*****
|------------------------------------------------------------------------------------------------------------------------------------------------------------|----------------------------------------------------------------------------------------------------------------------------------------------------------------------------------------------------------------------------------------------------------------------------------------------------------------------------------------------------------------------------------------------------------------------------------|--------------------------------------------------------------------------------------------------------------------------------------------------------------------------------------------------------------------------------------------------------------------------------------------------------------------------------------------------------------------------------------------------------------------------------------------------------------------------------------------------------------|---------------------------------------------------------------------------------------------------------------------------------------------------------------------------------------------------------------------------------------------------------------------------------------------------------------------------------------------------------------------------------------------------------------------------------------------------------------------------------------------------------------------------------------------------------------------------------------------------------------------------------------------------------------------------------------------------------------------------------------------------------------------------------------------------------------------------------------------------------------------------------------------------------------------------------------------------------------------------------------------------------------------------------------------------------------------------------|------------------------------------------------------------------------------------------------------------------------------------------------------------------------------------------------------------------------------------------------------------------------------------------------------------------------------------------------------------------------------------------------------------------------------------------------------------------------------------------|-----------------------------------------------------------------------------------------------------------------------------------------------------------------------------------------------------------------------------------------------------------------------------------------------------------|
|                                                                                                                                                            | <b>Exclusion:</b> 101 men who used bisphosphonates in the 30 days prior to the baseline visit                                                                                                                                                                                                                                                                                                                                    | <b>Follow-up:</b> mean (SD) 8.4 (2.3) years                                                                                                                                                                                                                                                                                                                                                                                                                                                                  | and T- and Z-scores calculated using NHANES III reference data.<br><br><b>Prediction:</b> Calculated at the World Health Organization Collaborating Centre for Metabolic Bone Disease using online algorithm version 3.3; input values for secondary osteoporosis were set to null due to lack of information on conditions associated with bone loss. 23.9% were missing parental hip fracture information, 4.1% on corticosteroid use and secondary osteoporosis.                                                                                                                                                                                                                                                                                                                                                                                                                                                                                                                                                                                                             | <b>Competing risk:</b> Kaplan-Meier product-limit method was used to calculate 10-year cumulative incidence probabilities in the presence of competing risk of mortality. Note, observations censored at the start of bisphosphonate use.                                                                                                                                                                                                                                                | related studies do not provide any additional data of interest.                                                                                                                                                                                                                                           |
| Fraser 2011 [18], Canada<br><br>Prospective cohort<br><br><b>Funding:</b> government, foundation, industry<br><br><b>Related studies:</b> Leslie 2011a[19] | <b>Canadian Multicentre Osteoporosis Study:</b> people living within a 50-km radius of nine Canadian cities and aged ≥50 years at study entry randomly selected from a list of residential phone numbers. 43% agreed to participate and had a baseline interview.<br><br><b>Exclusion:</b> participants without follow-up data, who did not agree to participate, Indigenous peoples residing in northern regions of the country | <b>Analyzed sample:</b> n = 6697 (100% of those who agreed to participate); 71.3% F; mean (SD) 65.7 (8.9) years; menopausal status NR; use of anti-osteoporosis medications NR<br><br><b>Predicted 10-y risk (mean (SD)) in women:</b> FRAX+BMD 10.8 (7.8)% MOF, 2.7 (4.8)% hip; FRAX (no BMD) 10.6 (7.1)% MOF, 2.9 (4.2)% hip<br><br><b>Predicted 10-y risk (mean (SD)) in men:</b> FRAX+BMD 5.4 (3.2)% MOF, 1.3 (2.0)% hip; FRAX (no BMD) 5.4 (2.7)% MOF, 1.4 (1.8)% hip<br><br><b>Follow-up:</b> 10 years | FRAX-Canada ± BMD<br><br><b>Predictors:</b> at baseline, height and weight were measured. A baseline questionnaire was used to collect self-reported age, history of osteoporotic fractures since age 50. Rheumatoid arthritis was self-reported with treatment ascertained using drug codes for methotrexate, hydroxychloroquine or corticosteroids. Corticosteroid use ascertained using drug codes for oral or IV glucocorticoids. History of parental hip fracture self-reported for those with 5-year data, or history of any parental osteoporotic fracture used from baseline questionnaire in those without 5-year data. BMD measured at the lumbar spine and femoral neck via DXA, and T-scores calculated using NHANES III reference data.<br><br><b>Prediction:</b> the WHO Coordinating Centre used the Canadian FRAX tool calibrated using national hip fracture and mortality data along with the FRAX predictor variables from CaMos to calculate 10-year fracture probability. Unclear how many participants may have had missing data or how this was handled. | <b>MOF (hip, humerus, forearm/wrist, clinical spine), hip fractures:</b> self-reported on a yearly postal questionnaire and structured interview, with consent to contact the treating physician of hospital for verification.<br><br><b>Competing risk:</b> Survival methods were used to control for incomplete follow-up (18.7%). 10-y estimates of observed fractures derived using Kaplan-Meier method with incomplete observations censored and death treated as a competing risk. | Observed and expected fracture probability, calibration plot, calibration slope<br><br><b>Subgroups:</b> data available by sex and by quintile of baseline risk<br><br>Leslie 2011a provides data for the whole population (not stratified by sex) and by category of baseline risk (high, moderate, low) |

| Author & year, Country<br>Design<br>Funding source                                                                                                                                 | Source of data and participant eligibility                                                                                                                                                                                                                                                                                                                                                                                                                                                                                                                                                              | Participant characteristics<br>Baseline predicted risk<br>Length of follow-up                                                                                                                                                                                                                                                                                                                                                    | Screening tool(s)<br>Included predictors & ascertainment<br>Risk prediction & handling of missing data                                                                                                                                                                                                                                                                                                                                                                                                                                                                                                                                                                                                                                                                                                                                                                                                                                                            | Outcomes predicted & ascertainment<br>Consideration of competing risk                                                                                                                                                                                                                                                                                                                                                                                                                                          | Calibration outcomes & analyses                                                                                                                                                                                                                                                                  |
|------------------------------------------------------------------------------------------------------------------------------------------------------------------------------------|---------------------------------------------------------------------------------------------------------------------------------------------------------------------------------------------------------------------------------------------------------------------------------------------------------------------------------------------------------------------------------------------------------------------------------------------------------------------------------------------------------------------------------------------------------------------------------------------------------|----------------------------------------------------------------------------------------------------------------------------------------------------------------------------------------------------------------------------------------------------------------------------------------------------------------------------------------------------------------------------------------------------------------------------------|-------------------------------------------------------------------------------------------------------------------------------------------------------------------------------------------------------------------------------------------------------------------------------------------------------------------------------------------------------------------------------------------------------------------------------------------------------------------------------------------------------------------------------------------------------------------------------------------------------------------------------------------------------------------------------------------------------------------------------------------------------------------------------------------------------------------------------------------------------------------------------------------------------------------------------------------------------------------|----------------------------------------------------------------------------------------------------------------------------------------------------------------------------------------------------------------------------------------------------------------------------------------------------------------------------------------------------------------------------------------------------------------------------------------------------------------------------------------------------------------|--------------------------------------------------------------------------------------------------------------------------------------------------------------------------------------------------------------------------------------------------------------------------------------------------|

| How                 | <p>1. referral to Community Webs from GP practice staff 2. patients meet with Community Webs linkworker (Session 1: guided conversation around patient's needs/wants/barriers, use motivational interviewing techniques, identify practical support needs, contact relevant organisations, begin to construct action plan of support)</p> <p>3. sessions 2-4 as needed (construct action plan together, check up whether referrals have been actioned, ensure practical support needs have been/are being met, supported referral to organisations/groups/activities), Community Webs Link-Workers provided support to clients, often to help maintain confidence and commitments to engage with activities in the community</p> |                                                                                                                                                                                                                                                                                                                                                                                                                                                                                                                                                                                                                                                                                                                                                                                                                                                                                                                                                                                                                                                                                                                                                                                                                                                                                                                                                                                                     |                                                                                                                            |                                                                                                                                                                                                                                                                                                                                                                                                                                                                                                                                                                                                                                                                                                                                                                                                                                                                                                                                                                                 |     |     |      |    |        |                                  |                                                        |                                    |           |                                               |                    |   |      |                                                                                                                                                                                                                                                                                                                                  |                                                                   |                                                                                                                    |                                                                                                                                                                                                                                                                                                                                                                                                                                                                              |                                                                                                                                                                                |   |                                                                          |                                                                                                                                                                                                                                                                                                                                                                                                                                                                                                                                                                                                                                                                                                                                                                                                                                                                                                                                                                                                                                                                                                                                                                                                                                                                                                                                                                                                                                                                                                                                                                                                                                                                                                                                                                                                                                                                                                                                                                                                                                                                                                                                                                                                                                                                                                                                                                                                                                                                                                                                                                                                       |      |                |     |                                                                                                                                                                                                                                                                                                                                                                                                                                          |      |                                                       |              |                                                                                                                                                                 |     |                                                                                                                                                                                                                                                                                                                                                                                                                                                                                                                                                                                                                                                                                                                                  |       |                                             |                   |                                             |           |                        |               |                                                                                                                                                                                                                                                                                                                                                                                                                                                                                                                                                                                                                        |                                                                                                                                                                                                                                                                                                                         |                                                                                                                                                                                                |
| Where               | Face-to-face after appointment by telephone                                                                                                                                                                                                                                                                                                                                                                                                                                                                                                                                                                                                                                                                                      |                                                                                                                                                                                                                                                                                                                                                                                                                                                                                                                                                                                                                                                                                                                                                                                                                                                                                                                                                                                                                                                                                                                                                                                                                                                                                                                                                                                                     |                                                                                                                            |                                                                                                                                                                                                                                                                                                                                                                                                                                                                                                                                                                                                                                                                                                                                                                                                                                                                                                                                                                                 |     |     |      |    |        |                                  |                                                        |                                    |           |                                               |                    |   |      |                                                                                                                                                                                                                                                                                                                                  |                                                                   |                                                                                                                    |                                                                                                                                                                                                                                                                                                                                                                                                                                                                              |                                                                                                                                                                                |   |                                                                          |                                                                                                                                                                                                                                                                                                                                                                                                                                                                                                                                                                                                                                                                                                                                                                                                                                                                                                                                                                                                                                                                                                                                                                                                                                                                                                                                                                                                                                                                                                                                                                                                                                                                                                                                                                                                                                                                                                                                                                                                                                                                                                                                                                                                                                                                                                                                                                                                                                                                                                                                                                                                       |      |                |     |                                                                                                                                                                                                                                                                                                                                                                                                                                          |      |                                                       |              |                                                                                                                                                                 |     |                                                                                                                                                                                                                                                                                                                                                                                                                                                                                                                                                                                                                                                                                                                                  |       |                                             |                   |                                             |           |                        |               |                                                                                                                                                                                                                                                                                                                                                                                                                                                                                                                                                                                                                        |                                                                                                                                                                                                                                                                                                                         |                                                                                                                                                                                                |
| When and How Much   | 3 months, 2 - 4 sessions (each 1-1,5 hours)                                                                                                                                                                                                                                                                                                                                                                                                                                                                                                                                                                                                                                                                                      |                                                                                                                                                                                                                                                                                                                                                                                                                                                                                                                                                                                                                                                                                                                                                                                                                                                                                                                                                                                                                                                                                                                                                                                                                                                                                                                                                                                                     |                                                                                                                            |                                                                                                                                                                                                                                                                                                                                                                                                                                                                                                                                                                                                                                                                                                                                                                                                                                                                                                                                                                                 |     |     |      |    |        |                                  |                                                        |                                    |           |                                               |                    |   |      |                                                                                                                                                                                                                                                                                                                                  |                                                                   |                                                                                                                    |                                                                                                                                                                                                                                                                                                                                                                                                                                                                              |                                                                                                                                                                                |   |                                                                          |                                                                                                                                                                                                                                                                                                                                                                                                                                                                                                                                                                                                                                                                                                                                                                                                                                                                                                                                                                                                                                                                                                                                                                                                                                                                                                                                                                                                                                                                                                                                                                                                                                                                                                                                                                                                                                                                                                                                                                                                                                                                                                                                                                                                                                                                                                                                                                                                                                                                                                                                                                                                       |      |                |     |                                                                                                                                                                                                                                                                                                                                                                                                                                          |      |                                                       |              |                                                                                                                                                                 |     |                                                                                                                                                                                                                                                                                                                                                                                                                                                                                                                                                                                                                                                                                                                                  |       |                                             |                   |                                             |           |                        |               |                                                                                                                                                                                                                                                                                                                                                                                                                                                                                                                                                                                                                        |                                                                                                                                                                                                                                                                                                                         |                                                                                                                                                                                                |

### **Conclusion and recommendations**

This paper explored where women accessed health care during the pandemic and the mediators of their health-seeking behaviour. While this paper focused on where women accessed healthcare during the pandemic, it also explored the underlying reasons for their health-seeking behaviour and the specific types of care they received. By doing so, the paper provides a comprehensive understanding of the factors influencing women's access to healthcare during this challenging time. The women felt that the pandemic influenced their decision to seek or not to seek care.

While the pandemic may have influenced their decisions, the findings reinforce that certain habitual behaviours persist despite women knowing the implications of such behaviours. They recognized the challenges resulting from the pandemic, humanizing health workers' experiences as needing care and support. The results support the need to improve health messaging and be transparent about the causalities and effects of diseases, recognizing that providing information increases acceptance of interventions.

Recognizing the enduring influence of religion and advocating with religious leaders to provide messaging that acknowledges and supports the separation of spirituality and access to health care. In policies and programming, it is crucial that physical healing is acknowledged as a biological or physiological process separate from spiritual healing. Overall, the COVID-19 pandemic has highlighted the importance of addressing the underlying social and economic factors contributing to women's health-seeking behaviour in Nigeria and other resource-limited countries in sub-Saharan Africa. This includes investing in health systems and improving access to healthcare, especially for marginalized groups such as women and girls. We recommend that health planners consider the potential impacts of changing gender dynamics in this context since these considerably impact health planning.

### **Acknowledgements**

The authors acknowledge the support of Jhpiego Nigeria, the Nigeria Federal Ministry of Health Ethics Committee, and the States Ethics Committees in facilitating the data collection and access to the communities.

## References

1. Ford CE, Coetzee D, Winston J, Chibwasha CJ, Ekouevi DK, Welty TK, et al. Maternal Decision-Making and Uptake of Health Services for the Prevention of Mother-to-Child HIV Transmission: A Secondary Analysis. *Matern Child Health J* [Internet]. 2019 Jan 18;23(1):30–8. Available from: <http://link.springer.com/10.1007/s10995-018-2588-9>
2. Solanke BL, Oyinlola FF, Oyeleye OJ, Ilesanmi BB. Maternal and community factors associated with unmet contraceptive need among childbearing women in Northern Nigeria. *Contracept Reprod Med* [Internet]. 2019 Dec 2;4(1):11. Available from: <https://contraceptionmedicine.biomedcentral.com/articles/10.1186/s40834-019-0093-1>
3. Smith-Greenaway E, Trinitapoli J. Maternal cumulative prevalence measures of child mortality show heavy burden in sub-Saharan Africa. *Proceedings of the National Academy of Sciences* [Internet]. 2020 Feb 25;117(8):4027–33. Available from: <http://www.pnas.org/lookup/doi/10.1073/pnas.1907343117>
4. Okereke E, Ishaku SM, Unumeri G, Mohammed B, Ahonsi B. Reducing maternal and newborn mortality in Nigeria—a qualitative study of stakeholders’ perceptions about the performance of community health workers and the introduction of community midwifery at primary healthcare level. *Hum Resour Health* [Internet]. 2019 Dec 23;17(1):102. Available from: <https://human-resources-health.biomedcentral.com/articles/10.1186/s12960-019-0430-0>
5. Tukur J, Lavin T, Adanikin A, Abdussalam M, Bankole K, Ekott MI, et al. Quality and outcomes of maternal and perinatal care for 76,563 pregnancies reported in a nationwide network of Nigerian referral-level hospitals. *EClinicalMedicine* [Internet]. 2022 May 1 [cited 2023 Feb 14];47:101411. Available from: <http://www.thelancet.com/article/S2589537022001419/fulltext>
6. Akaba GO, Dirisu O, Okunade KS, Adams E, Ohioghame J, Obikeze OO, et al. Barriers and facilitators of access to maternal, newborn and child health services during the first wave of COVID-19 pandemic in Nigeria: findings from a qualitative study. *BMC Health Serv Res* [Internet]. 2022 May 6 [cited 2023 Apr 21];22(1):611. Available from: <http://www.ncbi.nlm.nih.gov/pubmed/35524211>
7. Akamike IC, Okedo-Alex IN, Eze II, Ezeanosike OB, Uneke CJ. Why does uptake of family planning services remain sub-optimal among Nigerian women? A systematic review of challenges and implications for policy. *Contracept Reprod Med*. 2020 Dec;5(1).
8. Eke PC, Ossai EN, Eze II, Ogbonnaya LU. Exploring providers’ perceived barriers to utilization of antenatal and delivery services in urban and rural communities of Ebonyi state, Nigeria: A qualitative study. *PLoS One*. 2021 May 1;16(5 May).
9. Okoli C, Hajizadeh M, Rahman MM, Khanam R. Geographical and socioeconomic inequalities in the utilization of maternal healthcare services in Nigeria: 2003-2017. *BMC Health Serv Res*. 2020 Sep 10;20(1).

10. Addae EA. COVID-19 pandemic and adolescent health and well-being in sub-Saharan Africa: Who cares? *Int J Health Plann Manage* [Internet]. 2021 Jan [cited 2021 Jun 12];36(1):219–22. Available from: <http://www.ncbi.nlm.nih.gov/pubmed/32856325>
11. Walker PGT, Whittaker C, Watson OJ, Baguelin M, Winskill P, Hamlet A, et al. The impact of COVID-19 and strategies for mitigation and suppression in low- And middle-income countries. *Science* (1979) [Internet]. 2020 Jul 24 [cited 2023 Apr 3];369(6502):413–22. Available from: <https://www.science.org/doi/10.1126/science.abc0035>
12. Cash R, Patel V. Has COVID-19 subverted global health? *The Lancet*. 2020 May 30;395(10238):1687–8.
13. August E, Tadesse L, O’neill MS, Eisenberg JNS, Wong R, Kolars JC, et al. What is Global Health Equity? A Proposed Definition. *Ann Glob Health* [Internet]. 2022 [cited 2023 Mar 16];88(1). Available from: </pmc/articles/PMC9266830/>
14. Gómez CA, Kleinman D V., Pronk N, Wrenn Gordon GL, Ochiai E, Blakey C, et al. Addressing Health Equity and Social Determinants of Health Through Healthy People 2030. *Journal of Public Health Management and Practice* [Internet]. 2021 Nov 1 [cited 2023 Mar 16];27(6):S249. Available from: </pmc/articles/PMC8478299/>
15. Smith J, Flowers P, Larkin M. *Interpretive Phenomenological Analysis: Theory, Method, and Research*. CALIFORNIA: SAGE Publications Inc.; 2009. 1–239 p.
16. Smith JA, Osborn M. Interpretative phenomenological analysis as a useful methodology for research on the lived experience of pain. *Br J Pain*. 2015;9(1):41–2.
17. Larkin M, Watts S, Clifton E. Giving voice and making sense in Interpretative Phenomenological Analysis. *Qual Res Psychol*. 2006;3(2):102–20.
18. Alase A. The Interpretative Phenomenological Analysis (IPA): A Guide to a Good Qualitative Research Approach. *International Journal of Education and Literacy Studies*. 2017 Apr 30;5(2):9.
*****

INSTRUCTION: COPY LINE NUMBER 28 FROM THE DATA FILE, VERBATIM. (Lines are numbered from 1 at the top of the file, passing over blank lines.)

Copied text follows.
13. August E, Tadesse L, O’neill MS, Eisenberg JNS, Wong R, Kolars JC, et al. What is Global Health Equity? A Proposed Definition. *Ann Glob Health* [Internet]. 2022 [cited 2023 Mar 16];88(1). Available from: </pmc/articles/PMC9266830/>